BAGC.m: Three dimensional gravity modeling software with an application in Southern Death Valley, CA

Brian Eugene Eslick, University of Texas at El Paso

Abstract

Basin Anomaly Gravity Calculator (BAGC.m) is a 3D interactive gravity modeling package designed to create, edit, and calculate the gravitational attraction of basin models entirely within the MATLAB™ environment. Gravity anomalies are calculated using the Rectangular Prism Method (Bott, 1960; Kane, 1962; and Plouff, 1966) which subdivides earth models into regularly spaced rectangular prisms. This approach requires large 3D matrices to store most realistic earth models. The process of model editing is simplified by storing basins as 2D gridded files which define the depth to the boundary between basement rock and sedimentary fill for each model cell. In order to minimize computation time, BAGC.m calculates and stores the gravitational attraction of each cell so that when the model is edited only those cells that change need to be recalculated.^ The performance of BAGC.m was tested by comparing the gravity anomaly produced by a modeled sphere of radius 4.5 km at a depth of 4.5 km with its analytical solution. The tests indicate that BAGC.m reproduces the analytical solution with an error of 0.6% for a sample spacing of 60 m which corresponds to 7.07x10-6% of the volume of the sphere. BAGC.m was used to calculate the gravitational attraction of a regional basin depth model of Death Valley developed by Blakely and Ponce (2001). Results were compared to a new high precision gravity data set and indicate that the structures within the Southern Death Valley Fault Zone (SDVFZ) are more complex than predicted by the regional basin depth model. However, the program did calculate the contributions of the basin fill to the regional gravity field based on that depth model. ^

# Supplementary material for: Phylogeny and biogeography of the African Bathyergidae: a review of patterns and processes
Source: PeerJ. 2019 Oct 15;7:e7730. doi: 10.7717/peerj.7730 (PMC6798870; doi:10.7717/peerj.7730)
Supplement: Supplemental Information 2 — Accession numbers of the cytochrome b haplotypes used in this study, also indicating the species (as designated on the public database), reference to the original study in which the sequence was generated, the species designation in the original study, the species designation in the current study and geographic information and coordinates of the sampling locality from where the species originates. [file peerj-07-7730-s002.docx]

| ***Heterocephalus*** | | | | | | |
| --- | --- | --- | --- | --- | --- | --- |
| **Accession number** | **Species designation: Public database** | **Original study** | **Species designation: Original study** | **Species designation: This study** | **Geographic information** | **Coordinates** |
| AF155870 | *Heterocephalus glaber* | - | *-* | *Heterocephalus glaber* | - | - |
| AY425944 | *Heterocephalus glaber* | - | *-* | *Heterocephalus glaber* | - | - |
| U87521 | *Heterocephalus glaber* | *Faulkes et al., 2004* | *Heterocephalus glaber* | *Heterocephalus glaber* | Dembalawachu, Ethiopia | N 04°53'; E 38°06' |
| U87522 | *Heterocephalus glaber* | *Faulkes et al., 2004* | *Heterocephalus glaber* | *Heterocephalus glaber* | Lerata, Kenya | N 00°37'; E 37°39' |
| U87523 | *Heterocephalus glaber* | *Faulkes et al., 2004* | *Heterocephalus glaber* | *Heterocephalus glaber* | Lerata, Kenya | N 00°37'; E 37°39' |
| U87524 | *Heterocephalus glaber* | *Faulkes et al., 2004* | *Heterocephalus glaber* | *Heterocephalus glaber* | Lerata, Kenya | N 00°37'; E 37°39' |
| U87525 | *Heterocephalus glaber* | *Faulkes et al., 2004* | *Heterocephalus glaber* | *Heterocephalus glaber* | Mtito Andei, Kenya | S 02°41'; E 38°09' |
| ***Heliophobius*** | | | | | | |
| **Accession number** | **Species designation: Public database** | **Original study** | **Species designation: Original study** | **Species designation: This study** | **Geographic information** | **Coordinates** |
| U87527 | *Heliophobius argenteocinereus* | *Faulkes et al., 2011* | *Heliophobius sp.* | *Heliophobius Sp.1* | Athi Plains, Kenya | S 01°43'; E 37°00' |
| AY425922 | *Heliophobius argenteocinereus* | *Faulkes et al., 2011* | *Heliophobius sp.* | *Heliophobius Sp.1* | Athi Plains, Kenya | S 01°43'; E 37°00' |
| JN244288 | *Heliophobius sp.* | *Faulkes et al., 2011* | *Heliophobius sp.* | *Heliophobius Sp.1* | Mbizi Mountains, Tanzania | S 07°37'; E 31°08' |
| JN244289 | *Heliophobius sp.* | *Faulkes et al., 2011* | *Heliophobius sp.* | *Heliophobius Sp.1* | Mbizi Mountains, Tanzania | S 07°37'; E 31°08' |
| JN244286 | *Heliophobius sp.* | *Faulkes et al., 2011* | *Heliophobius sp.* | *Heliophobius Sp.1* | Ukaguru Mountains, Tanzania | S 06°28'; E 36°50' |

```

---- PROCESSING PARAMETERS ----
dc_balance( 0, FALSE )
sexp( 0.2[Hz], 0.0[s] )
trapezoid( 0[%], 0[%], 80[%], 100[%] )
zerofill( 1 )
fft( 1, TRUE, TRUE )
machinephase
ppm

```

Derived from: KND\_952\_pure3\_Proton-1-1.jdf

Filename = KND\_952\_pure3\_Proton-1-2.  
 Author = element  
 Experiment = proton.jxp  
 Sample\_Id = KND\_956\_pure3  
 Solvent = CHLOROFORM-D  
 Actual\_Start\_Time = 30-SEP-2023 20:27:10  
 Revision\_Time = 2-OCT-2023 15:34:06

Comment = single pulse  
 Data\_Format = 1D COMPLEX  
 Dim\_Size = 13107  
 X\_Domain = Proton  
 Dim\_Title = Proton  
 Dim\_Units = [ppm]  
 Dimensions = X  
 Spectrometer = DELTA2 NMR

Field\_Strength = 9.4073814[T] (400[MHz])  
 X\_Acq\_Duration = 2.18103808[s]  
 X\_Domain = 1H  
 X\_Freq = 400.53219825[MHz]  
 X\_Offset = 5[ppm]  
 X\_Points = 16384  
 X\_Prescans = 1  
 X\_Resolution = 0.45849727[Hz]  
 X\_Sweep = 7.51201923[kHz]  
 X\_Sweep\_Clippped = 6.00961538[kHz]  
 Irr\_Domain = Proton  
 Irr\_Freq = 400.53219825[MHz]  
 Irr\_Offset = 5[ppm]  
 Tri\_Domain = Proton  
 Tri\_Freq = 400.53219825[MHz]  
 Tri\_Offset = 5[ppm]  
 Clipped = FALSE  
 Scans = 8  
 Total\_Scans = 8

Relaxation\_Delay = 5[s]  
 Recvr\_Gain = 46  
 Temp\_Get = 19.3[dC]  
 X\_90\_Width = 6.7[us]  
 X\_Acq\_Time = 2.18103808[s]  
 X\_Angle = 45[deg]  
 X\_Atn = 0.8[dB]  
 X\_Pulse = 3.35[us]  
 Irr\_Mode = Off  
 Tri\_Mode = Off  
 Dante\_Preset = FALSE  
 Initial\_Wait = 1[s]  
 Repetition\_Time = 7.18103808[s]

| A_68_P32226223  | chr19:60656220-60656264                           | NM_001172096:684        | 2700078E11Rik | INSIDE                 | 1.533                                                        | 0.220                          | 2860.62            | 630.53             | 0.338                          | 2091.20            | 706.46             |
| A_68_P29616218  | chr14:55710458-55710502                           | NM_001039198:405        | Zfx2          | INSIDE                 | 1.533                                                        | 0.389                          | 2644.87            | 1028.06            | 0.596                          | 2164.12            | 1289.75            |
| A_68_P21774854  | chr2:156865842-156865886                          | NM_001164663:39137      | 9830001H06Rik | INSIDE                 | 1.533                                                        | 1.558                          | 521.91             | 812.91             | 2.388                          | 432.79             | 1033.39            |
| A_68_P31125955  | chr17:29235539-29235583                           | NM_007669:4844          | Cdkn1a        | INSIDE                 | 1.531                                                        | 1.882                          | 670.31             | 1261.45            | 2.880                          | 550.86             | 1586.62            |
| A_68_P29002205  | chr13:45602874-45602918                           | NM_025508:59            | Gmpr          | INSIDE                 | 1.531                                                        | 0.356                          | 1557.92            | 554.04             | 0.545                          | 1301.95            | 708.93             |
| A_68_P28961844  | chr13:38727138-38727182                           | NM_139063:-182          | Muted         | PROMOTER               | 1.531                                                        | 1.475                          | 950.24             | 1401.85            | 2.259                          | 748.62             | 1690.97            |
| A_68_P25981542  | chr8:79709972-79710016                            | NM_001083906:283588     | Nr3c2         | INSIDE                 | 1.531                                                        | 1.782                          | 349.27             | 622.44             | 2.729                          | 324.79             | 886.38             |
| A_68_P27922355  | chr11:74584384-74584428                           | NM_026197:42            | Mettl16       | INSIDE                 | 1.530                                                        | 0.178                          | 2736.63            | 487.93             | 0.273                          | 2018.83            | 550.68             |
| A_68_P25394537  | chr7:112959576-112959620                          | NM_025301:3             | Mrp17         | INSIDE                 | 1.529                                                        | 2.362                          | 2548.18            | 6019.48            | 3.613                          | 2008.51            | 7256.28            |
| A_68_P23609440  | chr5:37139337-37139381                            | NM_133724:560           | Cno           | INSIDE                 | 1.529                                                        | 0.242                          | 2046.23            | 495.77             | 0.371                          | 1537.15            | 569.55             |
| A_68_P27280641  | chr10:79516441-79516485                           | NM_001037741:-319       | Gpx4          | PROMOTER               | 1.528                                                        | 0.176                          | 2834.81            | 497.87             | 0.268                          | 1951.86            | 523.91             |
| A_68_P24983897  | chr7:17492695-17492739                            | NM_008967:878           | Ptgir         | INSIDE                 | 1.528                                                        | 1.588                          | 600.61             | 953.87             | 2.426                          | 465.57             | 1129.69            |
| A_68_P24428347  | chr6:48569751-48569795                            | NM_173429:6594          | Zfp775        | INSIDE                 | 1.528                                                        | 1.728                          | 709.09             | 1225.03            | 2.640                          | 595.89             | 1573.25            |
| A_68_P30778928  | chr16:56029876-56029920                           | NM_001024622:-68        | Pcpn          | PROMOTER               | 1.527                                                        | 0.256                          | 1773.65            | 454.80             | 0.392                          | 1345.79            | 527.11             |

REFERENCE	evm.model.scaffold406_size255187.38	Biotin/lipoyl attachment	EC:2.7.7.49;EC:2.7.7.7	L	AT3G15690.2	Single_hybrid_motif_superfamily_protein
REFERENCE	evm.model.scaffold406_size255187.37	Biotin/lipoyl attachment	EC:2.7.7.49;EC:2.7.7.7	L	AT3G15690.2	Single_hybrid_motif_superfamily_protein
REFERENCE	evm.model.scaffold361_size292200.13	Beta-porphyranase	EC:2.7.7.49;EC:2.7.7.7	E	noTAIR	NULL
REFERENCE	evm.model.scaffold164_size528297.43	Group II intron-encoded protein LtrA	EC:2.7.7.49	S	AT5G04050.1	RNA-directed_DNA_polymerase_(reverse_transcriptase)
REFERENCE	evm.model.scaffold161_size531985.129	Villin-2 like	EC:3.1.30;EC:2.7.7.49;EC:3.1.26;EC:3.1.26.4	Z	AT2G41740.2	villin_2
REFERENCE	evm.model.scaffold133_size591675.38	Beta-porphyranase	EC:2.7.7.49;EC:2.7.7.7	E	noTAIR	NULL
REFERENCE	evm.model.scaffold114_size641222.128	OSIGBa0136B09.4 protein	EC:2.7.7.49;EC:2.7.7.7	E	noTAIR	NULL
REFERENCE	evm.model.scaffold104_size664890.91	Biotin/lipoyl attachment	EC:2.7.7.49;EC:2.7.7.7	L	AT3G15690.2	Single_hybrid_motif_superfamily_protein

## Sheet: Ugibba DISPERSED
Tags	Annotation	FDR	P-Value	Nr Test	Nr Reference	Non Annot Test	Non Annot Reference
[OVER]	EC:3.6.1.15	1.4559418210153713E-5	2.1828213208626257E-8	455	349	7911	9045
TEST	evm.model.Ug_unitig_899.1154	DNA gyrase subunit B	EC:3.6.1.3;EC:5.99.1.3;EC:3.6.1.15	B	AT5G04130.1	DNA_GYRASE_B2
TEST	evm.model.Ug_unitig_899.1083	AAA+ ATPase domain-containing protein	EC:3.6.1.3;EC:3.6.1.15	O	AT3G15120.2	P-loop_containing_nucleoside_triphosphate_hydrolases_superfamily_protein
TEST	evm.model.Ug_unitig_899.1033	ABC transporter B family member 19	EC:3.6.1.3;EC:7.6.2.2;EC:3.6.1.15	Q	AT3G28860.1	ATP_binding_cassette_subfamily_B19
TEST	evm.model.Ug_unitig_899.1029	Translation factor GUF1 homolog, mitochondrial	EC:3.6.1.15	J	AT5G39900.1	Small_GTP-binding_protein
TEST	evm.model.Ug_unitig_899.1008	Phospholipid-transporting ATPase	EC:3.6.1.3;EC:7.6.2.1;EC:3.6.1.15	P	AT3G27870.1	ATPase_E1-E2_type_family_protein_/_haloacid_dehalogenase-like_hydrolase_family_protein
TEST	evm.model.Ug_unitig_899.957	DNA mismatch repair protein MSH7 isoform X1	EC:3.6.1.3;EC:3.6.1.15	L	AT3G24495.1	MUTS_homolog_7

Subject Area

Geophysics

Recommended Citation

Eslick, Brian Eugene, "BAGC.m: Three dimensional gravity modeling software with an application in Southern Death Valley, CA" (2010). ETD Collection for University of Texas, El Paso. AAI1483892.
http://digitalcommons.utep.edu/dissertations/AAI1483892

Share

COinS